Answer to Question #13235 Submitted to "Ask the Experts"

Category: Pregnancy and Radiation — Radiation effects to embryo/fetus

The following question was answered by an expert in the appropriate field:


I am eight weeks pregnant, and I have to go with my father to a different city for his positron emission tomography/computed tomography (PET/CT) scan of his abdomen with fluorodeoxyglucose (FDG). Should I stay in the same room after the scan? What other precautions do I take?


You and your baby will not be at risk from your father's scan. You may follow some simple precautions to keep you and your baby's exposure to radiation very, very low. For a standard PET/CT scan using FDG, your father will be injected with a small amount of fluorine 18 (18F), which is radioactive. It has a very short half-life, meaning it does not remain radioactive for very long. First, he will receive an injection, which includes the radioactive material. At that point, he will be a source of radiation over the next 24 hours, but even so the exposure to you and your baby will be very low.

If you stay at least one meter away for the first 24 hours after the injection, your exposure would be about the same as three weeks of the radiation exposure we all receive from the natural radioactive materials in our environment, and about 4% (or 1/25th) of the exposure that is allowed to pregnant workers who routinely work with radiation. Brief hugs during that period, or helping him into the car, will not significantly increase that exposure. If you have a long drive after the scan is over, one of you should sit in the driver's seat and the other on the passenger side in the back seat of the car.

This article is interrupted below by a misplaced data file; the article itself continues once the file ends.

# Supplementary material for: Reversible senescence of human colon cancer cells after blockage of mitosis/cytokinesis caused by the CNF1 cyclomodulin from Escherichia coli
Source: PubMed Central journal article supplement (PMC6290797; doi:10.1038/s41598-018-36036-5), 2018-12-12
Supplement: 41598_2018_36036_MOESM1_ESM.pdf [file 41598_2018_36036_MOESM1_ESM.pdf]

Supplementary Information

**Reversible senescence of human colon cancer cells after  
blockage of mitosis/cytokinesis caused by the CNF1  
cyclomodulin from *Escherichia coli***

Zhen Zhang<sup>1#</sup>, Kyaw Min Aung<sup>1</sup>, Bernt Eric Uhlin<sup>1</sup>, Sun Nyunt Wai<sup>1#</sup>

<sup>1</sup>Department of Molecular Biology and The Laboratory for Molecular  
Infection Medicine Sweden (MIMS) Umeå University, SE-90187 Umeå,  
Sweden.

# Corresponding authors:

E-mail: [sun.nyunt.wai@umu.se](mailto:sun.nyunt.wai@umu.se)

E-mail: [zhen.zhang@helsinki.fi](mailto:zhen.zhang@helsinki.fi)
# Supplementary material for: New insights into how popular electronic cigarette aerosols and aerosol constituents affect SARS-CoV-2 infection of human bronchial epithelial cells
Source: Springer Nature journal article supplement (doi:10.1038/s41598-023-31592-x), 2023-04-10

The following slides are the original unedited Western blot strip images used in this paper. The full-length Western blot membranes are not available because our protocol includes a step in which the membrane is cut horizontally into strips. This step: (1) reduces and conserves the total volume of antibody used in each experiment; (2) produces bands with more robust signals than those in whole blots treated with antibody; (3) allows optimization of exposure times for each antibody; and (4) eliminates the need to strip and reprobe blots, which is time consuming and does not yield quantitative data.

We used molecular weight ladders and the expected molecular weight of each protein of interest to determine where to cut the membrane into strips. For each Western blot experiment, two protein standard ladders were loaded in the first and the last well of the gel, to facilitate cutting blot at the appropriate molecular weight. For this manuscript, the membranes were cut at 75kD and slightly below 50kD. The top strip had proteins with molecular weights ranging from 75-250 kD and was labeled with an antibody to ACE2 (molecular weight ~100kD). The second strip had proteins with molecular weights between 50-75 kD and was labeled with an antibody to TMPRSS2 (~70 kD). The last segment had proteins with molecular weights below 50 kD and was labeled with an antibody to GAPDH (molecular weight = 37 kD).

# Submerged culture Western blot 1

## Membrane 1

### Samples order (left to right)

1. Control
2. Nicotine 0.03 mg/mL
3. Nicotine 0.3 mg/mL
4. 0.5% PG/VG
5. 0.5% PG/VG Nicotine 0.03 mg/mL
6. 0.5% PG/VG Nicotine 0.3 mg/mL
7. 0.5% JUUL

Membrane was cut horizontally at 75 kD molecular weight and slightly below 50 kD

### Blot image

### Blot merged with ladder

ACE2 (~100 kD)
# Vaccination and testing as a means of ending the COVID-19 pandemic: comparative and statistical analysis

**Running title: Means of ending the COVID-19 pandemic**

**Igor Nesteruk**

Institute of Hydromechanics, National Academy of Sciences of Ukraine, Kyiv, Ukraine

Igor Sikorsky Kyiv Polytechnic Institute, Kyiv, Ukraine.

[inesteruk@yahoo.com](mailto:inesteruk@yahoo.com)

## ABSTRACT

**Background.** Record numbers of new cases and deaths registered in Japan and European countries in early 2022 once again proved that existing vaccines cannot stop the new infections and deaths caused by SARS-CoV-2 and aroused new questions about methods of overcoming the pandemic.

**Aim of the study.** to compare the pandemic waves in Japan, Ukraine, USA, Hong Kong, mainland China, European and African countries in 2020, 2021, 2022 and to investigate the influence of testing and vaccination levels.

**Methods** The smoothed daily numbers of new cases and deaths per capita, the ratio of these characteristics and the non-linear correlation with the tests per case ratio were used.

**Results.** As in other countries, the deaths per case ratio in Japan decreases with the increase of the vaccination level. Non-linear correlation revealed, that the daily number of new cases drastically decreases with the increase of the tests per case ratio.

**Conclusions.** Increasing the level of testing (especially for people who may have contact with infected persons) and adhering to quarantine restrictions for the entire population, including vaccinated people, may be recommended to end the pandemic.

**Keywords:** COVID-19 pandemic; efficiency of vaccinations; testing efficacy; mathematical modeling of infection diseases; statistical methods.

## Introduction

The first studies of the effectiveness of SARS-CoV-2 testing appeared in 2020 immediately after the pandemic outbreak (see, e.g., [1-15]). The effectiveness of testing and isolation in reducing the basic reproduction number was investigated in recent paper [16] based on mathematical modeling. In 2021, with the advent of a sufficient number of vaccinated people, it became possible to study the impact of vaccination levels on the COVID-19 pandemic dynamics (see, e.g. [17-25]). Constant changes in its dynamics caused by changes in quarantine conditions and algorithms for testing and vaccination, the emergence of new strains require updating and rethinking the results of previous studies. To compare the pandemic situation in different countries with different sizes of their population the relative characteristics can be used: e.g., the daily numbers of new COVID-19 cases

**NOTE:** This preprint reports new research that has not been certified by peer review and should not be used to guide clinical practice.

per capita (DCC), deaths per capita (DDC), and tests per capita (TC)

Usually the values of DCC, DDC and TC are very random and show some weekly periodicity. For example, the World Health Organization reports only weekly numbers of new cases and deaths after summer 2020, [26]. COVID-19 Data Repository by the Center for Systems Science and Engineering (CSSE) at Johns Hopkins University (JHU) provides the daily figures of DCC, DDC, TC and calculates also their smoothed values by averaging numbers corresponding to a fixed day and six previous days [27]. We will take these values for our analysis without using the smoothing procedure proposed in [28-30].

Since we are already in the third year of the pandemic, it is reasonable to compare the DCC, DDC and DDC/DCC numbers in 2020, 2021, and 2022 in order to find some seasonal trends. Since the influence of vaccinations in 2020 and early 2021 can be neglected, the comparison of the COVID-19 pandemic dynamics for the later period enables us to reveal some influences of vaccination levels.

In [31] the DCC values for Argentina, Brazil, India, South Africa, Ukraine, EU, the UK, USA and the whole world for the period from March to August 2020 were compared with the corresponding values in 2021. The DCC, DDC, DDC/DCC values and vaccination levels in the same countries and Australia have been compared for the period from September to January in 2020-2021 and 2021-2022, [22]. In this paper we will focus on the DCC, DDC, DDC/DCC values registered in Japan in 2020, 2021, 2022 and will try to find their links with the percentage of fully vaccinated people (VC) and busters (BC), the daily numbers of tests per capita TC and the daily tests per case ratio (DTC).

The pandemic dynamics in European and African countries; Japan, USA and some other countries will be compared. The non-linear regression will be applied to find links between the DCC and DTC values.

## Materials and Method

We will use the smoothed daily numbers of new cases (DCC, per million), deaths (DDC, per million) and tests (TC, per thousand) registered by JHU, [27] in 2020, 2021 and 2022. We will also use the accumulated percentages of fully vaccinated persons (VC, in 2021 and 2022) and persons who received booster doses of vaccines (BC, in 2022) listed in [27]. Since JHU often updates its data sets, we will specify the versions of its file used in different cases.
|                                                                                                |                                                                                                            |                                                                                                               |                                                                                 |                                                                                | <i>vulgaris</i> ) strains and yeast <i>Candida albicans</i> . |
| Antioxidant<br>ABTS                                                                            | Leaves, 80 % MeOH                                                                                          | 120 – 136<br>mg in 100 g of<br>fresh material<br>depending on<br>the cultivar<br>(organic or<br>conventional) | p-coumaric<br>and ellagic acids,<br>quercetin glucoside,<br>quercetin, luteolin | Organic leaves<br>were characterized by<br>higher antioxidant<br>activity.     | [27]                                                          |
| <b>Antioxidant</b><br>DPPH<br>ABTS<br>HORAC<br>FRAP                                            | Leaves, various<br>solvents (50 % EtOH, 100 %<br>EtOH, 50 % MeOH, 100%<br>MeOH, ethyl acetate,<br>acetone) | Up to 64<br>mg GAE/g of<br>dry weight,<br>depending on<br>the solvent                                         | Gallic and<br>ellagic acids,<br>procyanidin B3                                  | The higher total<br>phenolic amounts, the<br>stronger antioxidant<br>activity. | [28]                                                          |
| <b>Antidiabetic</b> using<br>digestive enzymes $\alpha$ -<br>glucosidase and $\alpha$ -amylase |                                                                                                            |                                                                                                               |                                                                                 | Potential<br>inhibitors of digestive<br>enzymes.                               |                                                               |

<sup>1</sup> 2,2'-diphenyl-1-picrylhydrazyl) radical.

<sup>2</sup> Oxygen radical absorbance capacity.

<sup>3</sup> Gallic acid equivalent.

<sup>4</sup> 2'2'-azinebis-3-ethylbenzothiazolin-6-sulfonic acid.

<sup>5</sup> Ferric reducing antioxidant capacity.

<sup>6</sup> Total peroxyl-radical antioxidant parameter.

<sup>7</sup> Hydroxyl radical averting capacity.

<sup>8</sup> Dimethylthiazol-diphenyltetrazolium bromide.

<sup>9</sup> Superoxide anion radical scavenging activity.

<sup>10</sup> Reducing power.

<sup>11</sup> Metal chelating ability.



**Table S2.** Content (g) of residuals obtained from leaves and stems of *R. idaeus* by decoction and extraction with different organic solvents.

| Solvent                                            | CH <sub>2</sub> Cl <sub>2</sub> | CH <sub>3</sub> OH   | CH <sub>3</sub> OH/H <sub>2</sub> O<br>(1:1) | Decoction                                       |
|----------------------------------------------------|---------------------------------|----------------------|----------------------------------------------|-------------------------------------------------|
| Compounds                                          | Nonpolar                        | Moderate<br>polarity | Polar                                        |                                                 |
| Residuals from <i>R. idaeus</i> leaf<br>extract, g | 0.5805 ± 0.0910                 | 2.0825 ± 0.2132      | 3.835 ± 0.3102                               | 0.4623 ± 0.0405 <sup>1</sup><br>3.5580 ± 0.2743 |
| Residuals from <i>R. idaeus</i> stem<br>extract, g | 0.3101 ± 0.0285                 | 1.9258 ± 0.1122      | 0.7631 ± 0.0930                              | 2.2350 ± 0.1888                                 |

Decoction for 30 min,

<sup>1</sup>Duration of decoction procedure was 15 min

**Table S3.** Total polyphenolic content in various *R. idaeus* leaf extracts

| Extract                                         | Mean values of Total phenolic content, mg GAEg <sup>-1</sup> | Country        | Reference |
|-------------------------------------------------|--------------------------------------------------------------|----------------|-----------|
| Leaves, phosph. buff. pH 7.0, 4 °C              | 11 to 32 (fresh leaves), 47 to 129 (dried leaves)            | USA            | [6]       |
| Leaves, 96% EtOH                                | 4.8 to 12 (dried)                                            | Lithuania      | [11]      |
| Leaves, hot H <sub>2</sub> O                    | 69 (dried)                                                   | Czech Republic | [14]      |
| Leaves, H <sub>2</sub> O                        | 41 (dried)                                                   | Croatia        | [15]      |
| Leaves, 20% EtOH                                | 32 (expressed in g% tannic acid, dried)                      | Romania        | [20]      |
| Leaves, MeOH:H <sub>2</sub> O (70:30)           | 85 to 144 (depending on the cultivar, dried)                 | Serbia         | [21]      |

After the injection, and while he is waiting for the scan is when he will have the highest amount of radioactive material. There may be other patients in the waiting area who are also radioactive, so during that period, you may want to wait two meters or more from him and the other patients in the area.

I hope this answer helps to put your mind at ease. My best wishes to you, your baby, and your father.

Barbara Hamrick, CHP

Ask the Experts is posting answers using only SI (the International System of Units) in accordance with international practice. To convert these to traditional units we have prepared a conversion table. You can also view a diagram to help put the radiation information presented in this question and answer in perspective. Explanations of radiation terms can be found here.
Answer posted on 9 December 2019. The information posted on this web page is intended as general reference information only. Specific facts and circumstances may affect the applicability of concepts, materials, and information described herein. The information provided is not a substitute for professional advice and should not be relied upon in the absence of such professional advice. To the best of our knowledge, answers are correct at the time they are posted. Be advised that over time, requirements could change, new data could be made available, and Internet links could change, affecting the correctness of the answers. Answers are the professional opinions of the expert responding to each question; they do not necessarily represent the position of the Health Physics Society.